In two industry meetings held during 2014, Light-Sport Aircraft manufacturers, organization leaders, FAA personnel, and other interested parties reviewed a list of changes that would improve the 10-year-old SP/LSA regulation. Some items represent minor changes the agency could make fairly quickly. Others are more challenging. Number one on the list involves FAA allowing certain commercial LSA operations when flown by qualified pilots. Even if no great resistance exists — and reasons for optimism are present — this could be some time coming as regulation change is complicated in today’s federal government. Another area of intense interest is electric power. While unleashing development of LSA using electric propulsion also requires regulation change, an exemption might allow technical progress before rule change could occur. Recently another group with many more years of effort already invested was able to earn such an exemption. Ed Pitman of Pitman Air recently announced Exemption 11104.
Pitman Air LLC
Phone: (530) 529-3030Shingletown, CA 96088 - USA
You might not be in the market for a super slow flying aircraft like Dragonfly that stalls at less than 20 mph. You might not care that Ed Pittman took the lead winning Special LSA approval on behalf of Australian businessman and hang gliding pioneer Bill Moyes and American Dragonfly designer Bobby Bailey. However, as a longtime hang gliding enthusiast, I can attest on behalf of many who enjoy soaring flight in hang gliders that Dragonfly is a critically important aircraft. The unusual aircraft was purpose designed to tow a hang glider aloft so it can be released — commonly at 2,000-2,500 feet and often right in a column of thermal lift — to allow it to achieve soaring flight without the benefit of a mountain from which to launch. One of the most successful aerotug airparks, called Wallaby Ranch, is located a few miles south of Disney World in Florida.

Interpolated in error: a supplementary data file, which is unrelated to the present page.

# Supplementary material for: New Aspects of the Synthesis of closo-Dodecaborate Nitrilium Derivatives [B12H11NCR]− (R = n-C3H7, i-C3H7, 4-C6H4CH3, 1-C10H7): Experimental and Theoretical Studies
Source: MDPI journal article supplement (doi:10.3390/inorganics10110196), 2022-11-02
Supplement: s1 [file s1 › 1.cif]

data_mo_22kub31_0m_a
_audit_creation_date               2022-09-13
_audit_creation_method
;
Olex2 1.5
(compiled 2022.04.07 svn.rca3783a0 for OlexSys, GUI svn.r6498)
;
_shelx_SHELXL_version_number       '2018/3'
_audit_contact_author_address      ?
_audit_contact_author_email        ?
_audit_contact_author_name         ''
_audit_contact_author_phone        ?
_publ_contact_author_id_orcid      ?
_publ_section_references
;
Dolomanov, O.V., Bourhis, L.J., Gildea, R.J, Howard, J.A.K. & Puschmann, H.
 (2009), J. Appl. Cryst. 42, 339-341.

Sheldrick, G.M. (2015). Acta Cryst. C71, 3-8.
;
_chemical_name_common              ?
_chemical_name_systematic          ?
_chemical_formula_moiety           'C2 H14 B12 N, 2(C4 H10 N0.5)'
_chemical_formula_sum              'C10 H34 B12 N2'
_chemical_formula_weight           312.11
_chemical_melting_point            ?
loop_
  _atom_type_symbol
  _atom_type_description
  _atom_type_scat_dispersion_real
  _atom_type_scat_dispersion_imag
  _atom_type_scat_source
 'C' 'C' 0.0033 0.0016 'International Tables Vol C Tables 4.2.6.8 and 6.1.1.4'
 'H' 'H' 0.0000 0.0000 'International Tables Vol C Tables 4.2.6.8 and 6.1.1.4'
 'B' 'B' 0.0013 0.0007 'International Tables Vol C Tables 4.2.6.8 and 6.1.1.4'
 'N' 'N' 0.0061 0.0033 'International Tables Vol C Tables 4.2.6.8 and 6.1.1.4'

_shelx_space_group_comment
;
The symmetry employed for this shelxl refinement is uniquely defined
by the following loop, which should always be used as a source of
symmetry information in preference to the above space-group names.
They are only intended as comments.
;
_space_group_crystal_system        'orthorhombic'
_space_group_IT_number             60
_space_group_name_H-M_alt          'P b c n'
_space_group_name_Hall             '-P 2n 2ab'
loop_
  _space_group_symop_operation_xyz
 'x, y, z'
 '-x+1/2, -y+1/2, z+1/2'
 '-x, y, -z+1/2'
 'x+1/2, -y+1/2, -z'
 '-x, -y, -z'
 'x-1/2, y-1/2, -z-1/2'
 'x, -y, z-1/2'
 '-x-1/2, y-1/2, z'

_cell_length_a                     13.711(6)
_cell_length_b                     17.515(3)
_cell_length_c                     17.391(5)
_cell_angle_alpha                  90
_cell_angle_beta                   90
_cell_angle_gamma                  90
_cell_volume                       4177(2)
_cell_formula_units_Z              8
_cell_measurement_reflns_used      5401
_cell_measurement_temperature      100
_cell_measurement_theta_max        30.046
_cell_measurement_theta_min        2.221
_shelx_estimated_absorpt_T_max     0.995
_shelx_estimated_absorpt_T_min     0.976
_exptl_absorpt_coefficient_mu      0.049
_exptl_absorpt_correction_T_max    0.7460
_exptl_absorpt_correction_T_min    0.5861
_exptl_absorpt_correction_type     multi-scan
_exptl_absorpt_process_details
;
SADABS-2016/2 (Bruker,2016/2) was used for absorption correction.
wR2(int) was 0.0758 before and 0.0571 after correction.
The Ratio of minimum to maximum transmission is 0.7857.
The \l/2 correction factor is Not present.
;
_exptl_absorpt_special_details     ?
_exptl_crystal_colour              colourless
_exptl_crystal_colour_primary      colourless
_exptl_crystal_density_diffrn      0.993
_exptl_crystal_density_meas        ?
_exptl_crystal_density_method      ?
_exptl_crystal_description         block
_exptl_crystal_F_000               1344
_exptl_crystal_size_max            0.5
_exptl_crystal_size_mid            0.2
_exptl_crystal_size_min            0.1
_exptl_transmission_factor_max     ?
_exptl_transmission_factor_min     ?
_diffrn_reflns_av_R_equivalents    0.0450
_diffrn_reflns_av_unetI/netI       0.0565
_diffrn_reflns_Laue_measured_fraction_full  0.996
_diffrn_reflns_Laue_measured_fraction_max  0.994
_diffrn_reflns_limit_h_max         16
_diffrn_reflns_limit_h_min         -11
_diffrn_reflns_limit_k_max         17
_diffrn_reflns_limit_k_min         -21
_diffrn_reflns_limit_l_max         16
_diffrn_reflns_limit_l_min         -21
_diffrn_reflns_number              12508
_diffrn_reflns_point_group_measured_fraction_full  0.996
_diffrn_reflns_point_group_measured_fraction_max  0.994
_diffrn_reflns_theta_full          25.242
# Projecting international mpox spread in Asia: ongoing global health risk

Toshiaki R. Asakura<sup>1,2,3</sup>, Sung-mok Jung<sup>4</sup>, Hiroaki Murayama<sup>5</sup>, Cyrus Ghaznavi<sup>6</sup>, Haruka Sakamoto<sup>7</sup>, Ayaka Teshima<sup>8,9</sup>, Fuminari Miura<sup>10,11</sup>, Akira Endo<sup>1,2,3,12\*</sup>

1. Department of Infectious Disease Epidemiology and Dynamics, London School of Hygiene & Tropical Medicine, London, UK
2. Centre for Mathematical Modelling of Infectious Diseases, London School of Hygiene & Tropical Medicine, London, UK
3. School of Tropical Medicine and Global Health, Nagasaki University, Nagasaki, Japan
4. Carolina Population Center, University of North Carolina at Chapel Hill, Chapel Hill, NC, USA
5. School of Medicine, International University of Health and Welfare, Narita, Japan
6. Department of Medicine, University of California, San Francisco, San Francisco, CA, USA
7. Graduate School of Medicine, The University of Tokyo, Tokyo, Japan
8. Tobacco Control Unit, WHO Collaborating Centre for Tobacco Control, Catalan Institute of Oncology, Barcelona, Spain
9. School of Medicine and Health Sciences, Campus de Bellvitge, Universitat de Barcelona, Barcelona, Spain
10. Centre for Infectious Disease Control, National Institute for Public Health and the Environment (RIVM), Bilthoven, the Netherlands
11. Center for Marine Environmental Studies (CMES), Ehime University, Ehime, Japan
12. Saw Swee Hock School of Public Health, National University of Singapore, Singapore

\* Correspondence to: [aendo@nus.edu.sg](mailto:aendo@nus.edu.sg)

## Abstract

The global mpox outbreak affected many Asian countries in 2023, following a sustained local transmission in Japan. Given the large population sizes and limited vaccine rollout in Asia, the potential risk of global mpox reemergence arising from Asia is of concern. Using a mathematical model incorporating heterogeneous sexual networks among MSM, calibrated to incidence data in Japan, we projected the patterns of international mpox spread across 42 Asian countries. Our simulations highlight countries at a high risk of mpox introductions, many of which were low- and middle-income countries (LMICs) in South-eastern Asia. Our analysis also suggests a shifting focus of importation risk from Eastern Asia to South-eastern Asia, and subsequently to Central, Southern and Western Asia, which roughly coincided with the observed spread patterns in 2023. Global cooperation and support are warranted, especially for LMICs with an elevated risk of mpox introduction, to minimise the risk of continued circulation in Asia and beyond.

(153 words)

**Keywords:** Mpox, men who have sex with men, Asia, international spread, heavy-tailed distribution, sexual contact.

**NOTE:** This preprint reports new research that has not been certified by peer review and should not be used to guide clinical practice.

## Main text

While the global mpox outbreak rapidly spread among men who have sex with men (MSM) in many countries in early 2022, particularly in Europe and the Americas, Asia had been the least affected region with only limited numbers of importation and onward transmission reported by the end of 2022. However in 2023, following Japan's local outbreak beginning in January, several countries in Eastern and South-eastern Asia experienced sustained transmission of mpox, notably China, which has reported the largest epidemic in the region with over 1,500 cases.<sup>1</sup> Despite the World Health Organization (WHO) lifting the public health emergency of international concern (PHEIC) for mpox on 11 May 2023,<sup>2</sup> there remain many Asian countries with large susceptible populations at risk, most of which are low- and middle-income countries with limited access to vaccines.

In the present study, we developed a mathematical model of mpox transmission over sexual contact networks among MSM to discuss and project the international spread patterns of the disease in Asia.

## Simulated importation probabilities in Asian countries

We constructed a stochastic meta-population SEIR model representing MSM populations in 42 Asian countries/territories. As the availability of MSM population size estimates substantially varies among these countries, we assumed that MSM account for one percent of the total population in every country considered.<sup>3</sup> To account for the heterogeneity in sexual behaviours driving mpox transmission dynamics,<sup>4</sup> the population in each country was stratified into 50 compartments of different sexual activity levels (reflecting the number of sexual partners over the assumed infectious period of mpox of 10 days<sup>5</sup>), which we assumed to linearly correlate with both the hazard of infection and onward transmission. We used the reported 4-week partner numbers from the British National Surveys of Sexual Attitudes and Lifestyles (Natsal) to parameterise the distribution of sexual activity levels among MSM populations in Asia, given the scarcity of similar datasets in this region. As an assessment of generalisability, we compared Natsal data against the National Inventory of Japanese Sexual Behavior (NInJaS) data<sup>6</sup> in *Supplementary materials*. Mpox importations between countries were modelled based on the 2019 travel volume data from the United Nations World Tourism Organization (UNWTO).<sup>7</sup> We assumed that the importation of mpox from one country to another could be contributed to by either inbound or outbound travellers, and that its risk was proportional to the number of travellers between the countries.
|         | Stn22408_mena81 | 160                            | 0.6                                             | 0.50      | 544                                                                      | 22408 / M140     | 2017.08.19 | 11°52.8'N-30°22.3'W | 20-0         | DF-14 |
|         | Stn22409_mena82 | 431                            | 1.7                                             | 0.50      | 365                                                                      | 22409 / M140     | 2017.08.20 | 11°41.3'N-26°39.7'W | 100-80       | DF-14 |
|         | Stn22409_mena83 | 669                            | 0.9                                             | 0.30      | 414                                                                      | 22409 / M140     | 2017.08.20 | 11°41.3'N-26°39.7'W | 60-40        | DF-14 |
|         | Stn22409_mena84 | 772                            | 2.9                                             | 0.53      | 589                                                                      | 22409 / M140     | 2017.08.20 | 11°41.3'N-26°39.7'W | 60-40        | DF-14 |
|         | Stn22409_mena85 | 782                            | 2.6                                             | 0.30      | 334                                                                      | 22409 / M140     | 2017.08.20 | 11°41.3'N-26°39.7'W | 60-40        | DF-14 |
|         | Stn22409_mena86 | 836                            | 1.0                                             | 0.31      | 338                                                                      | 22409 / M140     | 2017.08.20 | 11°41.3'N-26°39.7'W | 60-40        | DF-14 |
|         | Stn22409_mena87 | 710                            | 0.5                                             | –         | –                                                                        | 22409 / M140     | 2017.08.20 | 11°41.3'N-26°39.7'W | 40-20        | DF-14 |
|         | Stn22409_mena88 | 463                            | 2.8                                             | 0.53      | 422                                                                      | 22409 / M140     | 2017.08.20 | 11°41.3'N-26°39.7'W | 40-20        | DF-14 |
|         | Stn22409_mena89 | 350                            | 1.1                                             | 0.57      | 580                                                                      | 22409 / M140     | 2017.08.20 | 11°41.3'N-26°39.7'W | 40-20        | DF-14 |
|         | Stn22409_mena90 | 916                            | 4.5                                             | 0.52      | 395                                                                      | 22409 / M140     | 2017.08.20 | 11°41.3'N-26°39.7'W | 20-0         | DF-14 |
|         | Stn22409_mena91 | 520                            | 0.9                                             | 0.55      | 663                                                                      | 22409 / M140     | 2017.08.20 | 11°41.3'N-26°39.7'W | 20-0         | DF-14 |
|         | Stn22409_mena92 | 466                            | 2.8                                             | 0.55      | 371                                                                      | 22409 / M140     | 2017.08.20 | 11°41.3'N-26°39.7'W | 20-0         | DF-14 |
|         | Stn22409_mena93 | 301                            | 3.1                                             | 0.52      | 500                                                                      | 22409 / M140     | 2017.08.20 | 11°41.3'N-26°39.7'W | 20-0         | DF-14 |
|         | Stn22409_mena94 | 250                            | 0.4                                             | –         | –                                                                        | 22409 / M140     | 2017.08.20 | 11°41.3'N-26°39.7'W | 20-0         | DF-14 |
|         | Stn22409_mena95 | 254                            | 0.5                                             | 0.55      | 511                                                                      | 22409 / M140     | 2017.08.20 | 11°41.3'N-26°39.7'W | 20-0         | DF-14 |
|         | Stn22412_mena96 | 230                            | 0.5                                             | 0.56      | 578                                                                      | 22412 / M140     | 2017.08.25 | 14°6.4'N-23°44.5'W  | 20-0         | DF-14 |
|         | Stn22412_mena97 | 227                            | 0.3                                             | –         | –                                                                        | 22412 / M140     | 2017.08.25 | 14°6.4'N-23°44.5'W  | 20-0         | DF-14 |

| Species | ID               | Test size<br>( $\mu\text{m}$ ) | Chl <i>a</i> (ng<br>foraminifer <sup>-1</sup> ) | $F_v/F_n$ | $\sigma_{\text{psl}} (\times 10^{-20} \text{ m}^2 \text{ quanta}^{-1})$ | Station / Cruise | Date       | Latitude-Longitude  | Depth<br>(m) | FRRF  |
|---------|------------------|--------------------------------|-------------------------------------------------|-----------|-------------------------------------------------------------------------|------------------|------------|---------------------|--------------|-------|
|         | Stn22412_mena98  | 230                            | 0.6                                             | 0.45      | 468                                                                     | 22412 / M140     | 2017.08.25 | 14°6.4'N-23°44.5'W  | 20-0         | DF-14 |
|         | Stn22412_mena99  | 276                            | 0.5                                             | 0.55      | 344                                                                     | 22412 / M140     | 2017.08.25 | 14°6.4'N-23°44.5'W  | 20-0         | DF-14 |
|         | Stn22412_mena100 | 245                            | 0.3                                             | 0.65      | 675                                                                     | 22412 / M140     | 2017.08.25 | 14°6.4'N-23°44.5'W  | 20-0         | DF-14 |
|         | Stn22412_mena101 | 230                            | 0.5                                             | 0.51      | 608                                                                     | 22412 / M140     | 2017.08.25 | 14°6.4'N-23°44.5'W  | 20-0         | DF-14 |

A most remarkable thing happened recently. No, I don’t mean the sudden resignation of EAA president Rod Hightower. I refer to a recent (September 27, 2012) approval of a brand new Special LSA. Why is that noteworthy, especially as it is #128 on our SLSA List? Everyone in the business of LSA and most other alert readers have followed the long, winding, still-evolving path of FAA approvals in the fall of 2012. Specifically, FAA has released an order that says any new model from an existing LSA supplier or any LSA from a new company must be blessed by FAA headquarters in Washington DC. The Aircraft Certification branch must be informed first and an inspection judged necessary cannot be done by a DAR (Designated Airworthiness Representative… the people who have approved all other nearly 3,000 LSA in America). Under the new dictate, any new-model approval must be done by an FAA Air Safety Investigator.